Birth of Rock ‘n’ Soul” exhibit. Tours begin with a short film, after which museum-goers can move through the exhibits at their own pace, which likely will be slow enough to marvel at the memorabilia that came directly from the musicians themselves. “Memphis has historic sites and a lot of tourists come for Graceland and Sun Studio, legendary places where rock and soul exploded,” says John Doyle, the executive director of the Memphis Rock ‘n’ Soul Museum. “But Beale Street is pretty much the backbone of the whole thing.” Doyle offers a vivid snapshot of the nascent Beale Street music scene. “Beale Street was a social and entertainment district for African Americans in the early 1900s and music was a part of it,” Doyle says. “We always call it ‘the home of the blues’ but actually on Beale Street jazz was performed in clubs and blues was performed on the street. Blues was considered a lower form of music. “The people who could afford to do so, who were traveling or staying at the hotels on Beale Street would go to those clubs and listen to great jazz by the likes of Count Basie and Duke Ellington,” he continues. “Then the blues performers, in order to pick up tips, would perform outside on the curb. That’s where white teenagers like Jerry Lee Lewis and Elvis Presley, who lived nearby, would walk to Beale Street and listen to those blues performers and be exposed to rhythmic Black music.” This time of year, all the bluesy Beale Street fun continues with a special emphasis on the season. The 2021 Memphis Holiday Parade will take place Dec. 11 on Beale Street. “We’ll have elementary and high school bands, cheerleaders, dance groups, car clubs, community organizations, and even Santa Claus with all of his reindeer,” says Jon Shivers, the director of Beale Street at Beale Street Management. While that’s a family event, the Beale Street New Year’s Eve Party is for ages 21 and older. “We used to drop a guitar at midnight on New Year’s Eve but now we just use a ball,” says Shivers. “Our Memphisinspired party begins at 10 p.m. and will feature live music, dancing, food and drink, and more. At midnight the ball drops and then there’s a beautiful fireworks display.” Entrance to the street party is free. So now if you’re in Memphis and you think 58 DeSoto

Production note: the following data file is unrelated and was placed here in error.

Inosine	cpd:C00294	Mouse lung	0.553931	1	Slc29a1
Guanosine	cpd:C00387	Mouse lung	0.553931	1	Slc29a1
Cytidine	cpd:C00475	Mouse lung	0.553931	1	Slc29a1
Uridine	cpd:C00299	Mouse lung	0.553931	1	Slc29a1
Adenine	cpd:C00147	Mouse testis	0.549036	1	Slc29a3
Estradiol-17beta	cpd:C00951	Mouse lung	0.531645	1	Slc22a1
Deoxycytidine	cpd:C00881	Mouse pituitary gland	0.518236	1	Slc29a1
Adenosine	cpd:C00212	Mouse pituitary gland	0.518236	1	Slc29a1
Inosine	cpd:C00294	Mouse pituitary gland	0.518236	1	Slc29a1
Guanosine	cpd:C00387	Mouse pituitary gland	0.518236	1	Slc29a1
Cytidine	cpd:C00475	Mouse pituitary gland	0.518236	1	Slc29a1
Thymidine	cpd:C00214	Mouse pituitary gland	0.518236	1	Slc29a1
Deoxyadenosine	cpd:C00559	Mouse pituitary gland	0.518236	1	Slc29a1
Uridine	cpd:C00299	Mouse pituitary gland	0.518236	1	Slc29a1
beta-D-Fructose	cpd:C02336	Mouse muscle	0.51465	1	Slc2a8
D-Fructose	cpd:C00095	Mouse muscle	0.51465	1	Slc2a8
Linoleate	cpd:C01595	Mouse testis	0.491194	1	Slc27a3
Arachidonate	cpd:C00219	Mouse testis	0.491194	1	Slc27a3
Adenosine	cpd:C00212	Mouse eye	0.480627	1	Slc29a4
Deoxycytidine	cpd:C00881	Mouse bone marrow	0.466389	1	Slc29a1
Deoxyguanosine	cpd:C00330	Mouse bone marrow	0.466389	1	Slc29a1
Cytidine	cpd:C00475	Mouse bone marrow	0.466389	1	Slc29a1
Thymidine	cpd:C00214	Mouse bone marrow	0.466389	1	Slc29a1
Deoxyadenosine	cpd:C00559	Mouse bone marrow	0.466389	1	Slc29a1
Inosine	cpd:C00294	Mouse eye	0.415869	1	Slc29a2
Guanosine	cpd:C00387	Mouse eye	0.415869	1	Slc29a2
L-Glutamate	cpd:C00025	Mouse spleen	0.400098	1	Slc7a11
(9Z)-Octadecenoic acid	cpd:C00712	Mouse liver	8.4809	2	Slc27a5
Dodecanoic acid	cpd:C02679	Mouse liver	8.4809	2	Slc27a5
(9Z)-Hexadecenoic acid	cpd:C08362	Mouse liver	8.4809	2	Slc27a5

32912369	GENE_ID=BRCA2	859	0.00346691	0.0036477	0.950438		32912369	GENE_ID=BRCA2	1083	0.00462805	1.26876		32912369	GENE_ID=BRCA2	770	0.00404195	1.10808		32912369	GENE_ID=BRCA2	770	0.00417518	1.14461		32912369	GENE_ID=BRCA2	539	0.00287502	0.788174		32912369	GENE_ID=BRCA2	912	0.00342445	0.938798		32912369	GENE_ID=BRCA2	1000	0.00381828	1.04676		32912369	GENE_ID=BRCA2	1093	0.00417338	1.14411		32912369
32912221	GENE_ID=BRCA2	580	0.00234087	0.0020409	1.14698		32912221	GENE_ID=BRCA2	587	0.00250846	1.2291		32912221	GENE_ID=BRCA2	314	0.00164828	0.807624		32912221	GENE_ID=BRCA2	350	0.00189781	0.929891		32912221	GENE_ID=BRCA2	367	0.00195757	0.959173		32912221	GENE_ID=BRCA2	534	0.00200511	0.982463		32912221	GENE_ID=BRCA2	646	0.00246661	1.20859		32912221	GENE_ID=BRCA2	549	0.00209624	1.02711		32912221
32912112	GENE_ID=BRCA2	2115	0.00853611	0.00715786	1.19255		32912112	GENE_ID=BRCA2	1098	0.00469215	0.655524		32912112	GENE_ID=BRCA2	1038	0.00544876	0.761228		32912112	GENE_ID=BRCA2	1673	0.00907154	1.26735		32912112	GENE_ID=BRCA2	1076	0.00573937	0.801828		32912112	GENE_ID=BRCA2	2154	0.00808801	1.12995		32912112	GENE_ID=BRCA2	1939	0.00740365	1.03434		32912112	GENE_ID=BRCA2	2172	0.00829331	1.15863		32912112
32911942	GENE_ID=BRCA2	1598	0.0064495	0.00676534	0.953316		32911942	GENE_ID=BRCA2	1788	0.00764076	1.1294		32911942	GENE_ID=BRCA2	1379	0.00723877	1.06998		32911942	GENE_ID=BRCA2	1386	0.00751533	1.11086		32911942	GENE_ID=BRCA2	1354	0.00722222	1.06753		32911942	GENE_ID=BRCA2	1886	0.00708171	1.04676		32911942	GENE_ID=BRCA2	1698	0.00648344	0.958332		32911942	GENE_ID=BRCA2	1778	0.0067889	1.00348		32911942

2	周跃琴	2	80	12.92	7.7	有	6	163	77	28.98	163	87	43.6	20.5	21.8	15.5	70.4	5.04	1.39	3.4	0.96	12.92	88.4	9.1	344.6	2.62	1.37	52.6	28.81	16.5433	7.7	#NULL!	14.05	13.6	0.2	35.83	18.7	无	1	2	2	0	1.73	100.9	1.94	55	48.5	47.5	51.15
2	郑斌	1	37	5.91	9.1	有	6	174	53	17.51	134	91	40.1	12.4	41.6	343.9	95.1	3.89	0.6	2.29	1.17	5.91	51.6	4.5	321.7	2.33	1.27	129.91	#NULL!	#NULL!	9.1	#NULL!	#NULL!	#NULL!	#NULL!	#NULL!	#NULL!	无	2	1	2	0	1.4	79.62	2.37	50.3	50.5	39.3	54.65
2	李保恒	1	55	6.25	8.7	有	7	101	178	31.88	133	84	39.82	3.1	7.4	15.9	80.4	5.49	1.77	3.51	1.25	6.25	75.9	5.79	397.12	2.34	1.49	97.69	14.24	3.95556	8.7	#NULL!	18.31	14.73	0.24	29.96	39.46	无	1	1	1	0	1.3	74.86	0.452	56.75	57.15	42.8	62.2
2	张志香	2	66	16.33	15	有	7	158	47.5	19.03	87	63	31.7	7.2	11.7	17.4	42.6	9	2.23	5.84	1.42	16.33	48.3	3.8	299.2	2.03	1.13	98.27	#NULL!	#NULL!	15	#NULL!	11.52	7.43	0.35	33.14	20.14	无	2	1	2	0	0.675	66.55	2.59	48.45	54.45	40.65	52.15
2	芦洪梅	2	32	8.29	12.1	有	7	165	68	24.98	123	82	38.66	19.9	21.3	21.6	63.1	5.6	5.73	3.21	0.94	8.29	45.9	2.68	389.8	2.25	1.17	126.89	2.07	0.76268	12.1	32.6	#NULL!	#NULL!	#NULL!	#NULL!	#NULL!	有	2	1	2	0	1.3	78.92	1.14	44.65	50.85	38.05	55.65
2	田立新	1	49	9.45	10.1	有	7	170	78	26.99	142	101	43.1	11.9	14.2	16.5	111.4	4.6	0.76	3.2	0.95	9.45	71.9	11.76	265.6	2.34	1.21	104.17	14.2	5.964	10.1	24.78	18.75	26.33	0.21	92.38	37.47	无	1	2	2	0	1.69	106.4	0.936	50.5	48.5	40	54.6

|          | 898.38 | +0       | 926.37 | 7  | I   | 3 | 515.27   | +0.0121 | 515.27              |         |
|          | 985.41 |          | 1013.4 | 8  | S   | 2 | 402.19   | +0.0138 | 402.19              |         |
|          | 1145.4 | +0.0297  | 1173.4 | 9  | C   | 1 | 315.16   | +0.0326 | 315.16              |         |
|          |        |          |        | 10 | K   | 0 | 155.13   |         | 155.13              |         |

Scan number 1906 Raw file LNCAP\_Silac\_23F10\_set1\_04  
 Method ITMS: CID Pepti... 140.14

you see Elvis walking down the street singing his hit “Let’s Have a Party” you know exactly where he’s going: to Beale Street.

Hyatt Centric Beale Street Memphis

When visiting an exciting place like Beale Street in Memphis, visitors want to stay somewhere that is just as much fun. That ideal is realized in the new Hyatt Centric Beale Street Memphis, the only hotel located right on Beale Street. That means all the action at places like B.B. King’s Blues Club and Jerry Lee Lewis’ Café and Honky Tonk is just steps away and visitors won’t have to hail any ride-share services to explore the area. The lobby features decorations made of iron, a nod to the William C. Ellis and Sons Ironworks and Machine Shop building, a space attached to the hotel that has been refitted to serve as meeting spaces (Beale Street wedding, anyone?). The lobby is a warm and welcoming place where cocktails can be had at the CIMAS lobby lounge, as a stand-alone treat or before dinner at CIMAS where the menu is inspired by Latin American cuisine but prepared with Southern cooking techniques. With floor-to-ceiling windows, the dinner tables at CIMAS offer a spectacular view of the Hernando de Soto Bridge (commonly referred to as the M-Bridge) that spans the Mississippi River connecting Memphis with Arkansas. That view is even more precious at the hotel’s rooftop bar, Beck & Call, which offers an unprecedented display of the bridge as it puts on its nightly light show. Offering both rooms and suites, the Hyatt Centric Beale Street Memphis also has a resort-style pool; the perfect place to rest up for another evening on Beale Street.